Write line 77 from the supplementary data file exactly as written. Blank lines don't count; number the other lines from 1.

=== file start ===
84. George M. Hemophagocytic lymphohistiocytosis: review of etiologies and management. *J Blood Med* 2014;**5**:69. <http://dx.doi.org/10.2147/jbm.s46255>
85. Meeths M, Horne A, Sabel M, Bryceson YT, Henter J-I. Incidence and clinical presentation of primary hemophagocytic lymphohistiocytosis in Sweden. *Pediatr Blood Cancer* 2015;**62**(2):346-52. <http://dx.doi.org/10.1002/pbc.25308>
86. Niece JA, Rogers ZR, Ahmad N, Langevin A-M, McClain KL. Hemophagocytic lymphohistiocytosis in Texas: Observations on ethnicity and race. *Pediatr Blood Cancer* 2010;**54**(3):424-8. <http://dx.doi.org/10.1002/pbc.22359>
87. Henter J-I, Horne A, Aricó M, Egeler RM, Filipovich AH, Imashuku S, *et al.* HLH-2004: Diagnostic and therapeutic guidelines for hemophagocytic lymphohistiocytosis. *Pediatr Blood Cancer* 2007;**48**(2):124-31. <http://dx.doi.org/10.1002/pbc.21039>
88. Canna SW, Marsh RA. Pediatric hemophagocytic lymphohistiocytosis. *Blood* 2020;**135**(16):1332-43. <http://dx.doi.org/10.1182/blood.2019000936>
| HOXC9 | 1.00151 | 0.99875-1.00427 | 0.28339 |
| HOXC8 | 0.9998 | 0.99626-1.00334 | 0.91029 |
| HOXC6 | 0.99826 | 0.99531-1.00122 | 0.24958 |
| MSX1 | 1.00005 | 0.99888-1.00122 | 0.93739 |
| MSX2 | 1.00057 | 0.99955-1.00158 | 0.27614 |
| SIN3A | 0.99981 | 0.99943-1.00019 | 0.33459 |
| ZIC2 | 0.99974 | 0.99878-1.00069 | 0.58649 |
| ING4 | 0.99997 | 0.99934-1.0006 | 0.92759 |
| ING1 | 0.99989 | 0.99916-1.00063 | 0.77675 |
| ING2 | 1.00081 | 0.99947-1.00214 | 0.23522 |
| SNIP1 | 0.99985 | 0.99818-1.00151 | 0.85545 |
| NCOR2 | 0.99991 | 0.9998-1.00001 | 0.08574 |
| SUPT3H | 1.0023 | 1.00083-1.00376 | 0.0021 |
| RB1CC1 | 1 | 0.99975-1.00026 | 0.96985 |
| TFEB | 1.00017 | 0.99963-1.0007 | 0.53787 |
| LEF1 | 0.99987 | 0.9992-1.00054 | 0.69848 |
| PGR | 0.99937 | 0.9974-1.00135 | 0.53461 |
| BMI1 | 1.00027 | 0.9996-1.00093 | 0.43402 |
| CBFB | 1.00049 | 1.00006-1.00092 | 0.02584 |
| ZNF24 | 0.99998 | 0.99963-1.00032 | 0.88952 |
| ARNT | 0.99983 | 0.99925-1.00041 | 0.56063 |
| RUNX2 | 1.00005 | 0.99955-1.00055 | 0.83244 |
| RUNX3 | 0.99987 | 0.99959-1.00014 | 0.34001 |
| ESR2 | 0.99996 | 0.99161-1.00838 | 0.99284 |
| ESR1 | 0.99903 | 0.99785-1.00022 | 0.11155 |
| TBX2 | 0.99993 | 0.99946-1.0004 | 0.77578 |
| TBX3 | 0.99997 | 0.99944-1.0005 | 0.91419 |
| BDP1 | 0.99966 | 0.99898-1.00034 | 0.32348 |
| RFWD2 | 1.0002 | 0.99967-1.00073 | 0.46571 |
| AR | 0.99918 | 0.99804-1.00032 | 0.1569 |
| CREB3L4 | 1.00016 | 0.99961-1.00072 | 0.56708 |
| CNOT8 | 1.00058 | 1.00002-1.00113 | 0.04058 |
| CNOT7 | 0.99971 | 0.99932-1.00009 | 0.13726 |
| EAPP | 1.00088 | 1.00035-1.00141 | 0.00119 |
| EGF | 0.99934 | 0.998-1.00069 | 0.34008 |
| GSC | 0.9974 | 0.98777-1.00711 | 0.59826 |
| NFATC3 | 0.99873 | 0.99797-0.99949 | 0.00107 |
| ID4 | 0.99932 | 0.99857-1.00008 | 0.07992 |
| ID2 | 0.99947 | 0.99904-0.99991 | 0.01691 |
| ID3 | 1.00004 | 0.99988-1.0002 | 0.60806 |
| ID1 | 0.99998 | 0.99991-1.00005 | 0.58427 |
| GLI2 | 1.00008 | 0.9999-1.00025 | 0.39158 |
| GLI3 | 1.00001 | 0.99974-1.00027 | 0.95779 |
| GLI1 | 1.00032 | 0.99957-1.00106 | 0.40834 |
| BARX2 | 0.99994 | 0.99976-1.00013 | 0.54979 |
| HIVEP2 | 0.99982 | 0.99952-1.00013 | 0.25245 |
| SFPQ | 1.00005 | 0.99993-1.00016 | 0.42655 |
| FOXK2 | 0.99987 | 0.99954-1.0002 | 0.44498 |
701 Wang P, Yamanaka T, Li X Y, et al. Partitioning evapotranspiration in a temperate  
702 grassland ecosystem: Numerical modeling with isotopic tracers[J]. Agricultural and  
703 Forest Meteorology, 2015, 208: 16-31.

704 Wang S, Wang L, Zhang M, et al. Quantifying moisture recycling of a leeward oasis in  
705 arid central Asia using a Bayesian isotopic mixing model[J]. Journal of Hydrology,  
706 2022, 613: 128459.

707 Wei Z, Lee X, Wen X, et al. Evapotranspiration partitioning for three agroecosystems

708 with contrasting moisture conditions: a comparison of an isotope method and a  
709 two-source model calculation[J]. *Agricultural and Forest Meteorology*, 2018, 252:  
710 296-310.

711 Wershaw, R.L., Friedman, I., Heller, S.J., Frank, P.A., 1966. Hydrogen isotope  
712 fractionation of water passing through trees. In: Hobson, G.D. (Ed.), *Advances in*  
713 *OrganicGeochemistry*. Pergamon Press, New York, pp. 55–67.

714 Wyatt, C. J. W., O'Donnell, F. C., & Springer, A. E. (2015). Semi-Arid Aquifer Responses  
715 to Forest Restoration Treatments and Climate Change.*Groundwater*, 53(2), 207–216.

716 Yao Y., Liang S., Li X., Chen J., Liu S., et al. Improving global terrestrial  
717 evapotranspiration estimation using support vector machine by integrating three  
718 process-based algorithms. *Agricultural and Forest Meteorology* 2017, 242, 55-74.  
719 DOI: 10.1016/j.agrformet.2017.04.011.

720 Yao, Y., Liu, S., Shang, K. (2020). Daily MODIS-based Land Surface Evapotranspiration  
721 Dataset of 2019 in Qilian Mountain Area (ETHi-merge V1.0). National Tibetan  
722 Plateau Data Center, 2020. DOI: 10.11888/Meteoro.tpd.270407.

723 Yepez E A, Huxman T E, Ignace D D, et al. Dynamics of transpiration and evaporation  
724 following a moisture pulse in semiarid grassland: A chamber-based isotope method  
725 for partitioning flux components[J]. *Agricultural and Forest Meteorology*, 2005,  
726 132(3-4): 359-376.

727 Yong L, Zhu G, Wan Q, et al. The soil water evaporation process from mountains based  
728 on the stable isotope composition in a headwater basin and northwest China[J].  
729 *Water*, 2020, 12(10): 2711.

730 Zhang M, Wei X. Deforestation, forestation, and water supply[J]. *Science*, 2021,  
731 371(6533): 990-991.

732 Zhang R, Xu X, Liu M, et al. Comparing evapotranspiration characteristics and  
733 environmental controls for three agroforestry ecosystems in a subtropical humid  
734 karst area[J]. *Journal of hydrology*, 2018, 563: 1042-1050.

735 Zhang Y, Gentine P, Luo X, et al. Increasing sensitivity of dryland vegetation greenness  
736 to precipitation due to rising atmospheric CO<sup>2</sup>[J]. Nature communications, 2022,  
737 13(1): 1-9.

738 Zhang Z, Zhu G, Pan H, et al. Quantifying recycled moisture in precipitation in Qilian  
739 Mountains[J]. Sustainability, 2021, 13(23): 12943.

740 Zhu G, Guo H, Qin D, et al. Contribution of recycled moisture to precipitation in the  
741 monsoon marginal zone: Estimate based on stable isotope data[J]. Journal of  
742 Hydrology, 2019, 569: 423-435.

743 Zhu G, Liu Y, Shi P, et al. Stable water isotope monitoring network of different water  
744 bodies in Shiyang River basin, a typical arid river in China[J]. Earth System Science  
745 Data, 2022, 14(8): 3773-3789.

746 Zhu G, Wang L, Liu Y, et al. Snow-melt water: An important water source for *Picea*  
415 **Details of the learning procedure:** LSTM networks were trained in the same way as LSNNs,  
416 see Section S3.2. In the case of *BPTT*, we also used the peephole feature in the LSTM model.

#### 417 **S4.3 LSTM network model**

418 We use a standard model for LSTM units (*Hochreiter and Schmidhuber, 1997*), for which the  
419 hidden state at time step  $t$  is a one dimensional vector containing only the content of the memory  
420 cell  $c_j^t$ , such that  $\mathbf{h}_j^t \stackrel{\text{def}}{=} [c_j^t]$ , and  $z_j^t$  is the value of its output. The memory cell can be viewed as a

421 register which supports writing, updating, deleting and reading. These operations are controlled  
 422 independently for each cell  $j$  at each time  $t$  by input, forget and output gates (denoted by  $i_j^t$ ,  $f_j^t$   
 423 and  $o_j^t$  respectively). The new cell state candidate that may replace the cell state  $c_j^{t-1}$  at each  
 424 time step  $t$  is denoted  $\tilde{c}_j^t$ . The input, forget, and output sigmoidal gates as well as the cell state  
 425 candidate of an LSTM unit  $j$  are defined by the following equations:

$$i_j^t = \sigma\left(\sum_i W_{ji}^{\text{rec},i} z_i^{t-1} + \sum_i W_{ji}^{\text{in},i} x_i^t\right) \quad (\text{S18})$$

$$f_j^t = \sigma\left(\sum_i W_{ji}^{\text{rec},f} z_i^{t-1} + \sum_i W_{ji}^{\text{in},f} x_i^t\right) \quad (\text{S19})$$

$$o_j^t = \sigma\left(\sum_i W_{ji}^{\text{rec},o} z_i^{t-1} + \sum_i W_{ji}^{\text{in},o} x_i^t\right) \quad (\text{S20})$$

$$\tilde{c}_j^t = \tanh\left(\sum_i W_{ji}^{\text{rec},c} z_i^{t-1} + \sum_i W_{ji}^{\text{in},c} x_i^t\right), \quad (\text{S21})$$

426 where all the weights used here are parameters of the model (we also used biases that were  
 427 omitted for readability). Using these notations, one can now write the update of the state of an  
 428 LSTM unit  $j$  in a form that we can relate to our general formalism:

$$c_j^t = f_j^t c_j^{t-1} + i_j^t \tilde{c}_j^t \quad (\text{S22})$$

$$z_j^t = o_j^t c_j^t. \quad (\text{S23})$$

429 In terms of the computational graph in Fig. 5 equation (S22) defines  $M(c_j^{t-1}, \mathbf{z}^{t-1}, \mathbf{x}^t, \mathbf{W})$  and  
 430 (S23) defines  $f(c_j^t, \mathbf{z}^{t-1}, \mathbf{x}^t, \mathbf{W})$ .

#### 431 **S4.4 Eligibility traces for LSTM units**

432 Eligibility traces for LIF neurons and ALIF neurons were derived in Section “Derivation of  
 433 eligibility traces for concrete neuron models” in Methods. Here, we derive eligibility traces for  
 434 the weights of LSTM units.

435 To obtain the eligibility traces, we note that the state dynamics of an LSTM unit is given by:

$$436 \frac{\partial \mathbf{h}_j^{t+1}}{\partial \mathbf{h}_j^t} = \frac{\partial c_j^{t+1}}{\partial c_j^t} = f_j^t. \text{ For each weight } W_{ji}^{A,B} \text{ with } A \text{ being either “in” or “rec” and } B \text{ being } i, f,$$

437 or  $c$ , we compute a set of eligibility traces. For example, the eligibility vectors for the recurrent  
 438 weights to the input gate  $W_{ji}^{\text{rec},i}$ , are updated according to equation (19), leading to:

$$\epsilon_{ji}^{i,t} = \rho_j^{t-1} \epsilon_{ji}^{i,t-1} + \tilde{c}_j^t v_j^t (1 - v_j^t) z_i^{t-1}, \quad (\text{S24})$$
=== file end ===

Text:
724 following a moisture pulse in semiarid grassland: A chamber-based isotope method  